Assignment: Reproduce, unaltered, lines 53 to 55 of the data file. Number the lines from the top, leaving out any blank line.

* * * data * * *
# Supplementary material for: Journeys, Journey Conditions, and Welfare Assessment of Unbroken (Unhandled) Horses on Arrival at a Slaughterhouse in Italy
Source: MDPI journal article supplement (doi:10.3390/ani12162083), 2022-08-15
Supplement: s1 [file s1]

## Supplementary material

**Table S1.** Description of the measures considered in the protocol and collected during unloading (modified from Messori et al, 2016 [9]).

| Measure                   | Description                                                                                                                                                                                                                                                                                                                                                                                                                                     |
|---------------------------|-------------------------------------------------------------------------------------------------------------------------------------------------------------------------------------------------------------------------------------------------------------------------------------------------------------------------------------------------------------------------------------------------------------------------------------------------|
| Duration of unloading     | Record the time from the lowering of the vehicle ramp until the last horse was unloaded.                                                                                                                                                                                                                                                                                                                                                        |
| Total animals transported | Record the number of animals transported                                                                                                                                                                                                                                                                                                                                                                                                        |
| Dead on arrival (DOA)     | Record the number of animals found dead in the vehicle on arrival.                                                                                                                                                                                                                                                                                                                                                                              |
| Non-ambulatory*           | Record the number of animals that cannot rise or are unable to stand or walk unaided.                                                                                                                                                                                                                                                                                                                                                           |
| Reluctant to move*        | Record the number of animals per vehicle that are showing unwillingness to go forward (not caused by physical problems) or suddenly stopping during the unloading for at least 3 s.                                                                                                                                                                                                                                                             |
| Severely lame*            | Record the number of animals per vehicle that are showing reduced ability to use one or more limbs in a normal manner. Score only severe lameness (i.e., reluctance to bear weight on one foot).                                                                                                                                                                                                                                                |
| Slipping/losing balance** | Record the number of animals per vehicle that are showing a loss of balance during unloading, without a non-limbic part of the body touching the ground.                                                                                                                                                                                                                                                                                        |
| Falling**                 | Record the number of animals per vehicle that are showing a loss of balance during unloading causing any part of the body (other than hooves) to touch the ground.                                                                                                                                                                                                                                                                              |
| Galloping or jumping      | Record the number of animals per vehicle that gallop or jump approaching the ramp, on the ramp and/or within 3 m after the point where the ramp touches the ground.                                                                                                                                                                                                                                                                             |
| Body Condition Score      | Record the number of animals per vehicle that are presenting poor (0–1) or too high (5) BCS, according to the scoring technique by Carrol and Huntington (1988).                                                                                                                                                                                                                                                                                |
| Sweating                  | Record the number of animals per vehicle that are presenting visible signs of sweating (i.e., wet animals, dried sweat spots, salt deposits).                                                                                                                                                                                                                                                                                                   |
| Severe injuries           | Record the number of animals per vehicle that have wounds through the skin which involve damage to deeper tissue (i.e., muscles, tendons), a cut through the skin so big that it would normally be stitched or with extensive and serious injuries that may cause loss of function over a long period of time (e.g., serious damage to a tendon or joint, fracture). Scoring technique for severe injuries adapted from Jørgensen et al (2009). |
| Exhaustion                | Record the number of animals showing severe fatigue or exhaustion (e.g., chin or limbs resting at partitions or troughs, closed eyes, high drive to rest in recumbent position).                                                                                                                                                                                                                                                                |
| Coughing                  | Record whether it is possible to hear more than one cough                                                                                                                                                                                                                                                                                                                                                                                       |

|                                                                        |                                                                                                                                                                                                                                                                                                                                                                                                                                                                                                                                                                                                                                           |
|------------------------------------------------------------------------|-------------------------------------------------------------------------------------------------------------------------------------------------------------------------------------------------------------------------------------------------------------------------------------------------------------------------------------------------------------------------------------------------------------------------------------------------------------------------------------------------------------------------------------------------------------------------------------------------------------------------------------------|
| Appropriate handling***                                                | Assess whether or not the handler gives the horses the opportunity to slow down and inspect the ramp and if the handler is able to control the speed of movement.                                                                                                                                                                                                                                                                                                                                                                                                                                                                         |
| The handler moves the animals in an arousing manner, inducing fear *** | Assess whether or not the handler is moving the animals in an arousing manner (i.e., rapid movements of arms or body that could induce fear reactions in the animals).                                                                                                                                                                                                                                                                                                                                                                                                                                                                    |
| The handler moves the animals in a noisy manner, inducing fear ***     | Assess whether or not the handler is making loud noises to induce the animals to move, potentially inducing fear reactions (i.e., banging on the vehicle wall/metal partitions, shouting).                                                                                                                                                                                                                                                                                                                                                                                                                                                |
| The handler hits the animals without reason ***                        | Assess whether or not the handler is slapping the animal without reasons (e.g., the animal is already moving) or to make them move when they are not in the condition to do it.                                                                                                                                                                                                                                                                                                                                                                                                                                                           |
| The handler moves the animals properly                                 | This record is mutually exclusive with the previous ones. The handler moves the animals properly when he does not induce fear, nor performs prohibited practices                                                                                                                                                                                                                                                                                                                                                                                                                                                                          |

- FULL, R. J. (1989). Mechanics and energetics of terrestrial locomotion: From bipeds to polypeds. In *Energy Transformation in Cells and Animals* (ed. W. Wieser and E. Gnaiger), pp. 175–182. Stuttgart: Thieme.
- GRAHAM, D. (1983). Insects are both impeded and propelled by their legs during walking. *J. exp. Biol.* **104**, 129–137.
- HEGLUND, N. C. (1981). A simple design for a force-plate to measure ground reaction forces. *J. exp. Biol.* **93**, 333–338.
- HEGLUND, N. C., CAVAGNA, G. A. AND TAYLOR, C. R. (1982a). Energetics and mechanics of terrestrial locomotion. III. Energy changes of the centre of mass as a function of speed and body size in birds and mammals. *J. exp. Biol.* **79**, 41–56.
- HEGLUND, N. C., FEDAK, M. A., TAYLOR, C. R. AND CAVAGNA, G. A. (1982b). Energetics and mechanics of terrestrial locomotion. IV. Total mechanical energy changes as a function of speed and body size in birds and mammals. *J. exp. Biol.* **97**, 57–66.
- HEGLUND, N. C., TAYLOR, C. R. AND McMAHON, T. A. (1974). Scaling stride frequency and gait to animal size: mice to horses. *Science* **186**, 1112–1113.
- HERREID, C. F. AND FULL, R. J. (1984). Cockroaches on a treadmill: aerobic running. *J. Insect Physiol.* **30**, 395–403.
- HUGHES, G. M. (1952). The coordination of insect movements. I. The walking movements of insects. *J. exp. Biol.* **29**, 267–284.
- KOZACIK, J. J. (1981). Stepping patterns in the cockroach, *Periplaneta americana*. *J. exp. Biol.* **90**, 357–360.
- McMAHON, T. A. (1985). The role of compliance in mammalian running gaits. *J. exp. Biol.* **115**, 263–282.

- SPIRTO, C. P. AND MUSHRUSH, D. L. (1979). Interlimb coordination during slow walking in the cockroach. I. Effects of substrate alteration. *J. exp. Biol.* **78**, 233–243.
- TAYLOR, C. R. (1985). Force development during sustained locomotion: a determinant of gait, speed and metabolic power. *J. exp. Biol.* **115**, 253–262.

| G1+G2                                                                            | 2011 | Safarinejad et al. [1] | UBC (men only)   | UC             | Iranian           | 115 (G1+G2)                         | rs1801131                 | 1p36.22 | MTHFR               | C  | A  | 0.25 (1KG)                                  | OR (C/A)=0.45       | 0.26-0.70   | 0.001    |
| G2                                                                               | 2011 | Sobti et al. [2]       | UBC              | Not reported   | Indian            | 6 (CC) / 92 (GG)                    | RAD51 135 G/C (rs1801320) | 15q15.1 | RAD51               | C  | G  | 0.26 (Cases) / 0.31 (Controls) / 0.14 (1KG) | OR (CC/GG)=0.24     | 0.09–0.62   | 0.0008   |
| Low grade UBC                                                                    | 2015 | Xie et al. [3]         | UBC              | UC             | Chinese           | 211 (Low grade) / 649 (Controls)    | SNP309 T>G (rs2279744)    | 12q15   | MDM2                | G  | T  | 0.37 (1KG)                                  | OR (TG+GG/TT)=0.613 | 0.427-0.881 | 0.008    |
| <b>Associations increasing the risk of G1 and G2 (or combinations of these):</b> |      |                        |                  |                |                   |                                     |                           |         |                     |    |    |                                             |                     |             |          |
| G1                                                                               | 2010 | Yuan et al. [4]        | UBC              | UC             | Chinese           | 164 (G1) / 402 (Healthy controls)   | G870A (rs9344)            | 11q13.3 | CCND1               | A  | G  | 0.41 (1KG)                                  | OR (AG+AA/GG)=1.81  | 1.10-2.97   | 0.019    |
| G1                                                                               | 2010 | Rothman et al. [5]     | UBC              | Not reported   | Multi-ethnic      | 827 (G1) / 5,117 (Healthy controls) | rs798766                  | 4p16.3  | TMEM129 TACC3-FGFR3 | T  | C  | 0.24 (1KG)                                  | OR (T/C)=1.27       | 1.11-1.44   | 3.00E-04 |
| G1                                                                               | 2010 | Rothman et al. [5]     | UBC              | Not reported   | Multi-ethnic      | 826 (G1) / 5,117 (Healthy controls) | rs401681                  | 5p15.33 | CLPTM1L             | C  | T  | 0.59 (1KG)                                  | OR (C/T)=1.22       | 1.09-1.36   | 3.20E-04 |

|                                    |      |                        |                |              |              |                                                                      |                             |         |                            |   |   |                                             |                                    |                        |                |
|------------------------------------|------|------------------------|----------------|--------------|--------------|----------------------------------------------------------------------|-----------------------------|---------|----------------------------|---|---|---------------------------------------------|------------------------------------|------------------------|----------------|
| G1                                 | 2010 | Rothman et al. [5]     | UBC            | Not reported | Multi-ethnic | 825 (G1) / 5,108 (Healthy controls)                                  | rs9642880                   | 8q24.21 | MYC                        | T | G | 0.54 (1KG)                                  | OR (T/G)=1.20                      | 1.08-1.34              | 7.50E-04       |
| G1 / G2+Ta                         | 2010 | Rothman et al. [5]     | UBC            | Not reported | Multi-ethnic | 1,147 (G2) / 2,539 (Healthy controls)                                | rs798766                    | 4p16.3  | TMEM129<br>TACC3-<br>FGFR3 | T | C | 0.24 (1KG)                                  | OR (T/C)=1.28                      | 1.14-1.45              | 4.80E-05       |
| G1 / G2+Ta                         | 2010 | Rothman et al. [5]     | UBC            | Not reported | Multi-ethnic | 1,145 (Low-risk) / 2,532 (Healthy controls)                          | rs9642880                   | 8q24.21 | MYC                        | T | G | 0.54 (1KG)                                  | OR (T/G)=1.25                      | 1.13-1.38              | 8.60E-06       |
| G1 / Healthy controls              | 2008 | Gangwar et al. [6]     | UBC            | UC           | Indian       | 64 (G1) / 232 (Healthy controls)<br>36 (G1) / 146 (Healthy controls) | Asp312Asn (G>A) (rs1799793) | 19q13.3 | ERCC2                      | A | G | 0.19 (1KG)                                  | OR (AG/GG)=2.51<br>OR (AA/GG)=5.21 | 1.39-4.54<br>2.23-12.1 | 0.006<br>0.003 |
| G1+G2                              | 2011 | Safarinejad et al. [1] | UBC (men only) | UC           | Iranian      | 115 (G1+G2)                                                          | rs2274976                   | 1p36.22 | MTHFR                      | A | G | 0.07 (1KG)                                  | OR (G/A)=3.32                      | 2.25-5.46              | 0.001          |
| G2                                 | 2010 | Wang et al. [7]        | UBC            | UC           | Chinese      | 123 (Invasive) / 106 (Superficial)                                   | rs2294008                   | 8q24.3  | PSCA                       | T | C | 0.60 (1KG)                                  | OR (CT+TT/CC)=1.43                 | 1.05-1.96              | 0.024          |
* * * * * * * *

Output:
| G1 / Healthy controls              | 2008 | Gangwar et al. [6]     | UBC            | UC           | Indian       | 64 (G1) / 232 (Healthy controls)<br>36 (G1) / 146 (Healthy controls) | Asp312Asn (G>A) (rs1799793) | 19q13.3 | ERCC2                      | A | G | 0.19 (1KG)                                  | OR (AG/GG)=2.51<br>OR (AA/GG)=5.21 | 1.39-4.54<br>2.23-12.1 | 0.006<br>0.003 |
| G1+G2                              | 2011 | Safarinejad et al. [1] | UBC (men only) | UC           | Iranian      | 115 (G1+G2)                                                          | rs2274976                   | 1p36.22 | MTHFR                      | A | G | 0.07 (1KG)                                  | OR (G/A)=3.32                      | 2.25-5.46              | 0.001          |
| G2                                 | 2010 | Wang et al. [7]        | UBC            | UC           | Chinese      | 123 (Invasive) / 106 (Superficial)                                   | rs2294008                   | 8q24.3  | PSCA                       | T | C | 0.60 (1KG)                                  | OR (CT+TT/CC)=1.43                 | 1.05-1.96              | 0.024          |